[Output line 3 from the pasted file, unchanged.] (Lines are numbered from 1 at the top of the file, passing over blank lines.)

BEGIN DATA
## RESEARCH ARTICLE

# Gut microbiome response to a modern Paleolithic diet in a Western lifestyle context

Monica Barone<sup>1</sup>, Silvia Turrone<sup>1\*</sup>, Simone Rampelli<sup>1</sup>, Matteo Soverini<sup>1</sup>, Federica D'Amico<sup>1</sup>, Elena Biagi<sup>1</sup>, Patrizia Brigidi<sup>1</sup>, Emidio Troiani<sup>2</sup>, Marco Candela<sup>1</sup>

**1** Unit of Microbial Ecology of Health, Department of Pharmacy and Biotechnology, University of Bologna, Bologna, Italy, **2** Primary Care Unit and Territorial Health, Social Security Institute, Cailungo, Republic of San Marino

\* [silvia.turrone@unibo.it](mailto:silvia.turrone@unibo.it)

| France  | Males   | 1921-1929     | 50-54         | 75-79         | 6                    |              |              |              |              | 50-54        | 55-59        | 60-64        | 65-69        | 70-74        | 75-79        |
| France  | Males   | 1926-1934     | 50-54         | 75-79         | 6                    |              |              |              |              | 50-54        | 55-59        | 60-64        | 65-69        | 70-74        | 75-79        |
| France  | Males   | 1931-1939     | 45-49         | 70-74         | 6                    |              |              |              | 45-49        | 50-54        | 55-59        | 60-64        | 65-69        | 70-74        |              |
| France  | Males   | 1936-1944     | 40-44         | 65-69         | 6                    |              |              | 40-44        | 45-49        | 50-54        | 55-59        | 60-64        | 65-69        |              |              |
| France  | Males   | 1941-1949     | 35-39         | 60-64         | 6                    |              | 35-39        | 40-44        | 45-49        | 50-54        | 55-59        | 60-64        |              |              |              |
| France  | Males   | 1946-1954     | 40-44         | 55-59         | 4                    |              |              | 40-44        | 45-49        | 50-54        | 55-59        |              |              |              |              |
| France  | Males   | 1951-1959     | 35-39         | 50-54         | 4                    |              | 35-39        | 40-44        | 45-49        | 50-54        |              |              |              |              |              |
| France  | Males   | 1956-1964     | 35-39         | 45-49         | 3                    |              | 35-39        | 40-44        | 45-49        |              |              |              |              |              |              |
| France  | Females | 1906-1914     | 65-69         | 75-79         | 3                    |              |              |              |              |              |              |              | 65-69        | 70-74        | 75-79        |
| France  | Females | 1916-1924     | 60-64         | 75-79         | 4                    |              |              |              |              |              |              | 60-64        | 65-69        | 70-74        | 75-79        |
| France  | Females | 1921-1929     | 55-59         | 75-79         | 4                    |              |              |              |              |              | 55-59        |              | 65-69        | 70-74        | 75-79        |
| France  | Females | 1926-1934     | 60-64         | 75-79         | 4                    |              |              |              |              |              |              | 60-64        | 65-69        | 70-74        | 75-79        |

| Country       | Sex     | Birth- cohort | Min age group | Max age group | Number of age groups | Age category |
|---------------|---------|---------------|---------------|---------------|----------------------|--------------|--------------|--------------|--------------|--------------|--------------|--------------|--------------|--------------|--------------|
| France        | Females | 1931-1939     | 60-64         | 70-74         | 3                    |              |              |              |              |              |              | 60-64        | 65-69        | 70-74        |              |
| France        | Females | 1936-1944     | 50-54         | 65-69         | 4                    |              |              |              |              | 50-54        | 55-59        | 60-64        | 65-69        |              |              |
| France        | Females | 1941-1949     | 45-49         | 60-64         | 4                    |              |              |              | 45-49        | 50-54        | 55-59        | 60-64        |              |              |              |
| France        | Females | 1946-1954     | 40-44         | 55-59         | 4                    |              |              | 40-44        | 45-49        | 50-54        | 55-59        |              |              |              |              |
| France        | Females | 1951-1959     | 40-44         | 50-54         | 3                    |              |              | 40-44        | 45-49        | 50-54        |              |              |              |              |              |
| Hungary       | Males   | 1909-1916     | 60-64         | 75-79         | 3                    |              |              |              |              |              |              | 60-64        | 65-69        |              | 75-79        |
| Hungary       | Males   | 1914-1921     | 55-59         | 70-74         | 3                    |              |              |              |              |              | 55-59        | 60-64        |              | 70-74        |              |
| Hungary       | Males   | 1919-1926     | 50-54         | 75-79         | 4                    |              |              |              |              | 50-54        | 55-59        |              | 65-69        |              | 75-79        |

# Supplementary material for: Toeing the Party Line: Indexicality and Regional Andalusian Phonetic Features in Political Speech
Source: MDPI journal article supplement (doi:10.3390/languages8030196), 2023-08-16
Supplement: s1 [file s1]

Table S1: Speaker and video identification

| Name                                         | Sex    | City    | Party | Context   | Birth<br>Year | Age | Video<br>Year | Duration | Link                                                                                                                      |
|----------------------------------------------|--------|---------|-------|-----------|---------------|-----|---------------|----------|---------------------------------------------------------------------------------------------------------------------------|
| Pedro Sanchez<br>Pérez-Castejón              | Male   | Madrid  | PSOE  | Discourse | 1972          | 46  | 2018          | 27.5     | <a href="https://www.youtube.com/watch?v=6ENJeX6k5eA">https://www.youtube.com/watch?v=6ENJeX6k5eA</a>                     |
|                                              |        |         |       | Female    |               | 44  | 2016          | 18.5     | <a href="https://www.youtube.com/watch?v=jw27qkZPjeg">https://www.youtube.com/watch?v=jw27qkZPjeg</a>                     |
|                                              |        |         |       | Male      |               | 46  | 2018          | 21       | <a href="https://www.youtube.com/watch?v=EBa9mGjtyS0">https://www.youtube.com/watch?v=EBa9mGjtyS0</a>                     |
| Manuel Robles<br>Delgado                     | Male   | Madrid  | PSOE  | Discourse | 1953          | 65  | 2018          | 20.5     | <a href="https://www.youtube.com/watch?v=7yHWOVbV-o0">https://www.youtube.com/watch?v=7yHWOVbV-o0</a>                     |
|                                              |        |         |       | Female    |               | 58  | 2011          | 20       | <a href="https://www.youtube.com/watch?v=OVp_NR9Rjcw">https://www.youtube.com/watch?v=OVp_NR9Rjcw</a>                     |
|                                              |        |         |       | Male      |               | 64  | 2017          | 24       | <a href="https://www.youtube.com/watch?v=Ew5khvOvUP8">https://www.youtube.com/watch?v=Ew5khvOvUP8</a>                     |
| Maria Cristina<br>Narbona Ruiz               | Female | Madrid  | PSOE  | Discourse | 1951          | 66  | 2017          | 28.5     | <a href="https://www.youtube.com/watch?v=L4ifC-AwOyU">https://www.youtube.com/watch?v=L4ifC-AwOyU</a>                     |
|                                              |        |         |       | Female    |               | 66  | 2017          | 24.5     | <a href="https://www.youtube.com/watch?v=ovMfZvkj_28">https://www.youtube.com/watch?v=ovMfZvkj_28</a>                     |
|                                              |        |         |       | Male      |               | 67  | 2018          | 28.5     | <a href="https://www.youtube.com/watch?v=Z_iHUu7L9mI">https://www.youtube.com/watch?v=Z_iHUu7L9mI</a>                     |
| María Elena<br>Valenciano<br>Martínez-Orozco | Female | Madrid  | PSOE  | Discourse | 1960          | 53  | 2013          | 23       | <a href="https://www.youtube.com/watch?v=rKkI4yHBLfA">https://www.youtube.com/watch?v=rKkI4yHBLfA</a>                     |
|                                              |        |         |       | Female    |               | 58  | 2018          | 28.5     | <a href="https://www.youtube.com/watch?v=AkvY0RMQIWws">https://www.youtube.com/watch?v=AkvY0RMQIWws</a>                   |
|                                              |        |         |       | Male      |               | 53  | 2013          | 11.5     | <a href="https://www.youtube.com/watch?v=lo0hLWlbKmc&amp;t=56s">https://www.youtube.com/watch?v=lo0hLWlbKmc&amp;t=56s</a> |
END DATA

Monica Barone<sup>1</sup>, Silvia Turrone<sup>1\*</sup>, Simone Rampelli<sup>1</sup>, Matteo Soverini<sup>1</sup>, Federica D'Amico<sup>1</sup>, Elena Biagi<sup>1</sup>, Patrizia Brigidi<sup>1</sup>, Emidio Troiani<sup>2</sup>, Marco Candela<sup>1</sup>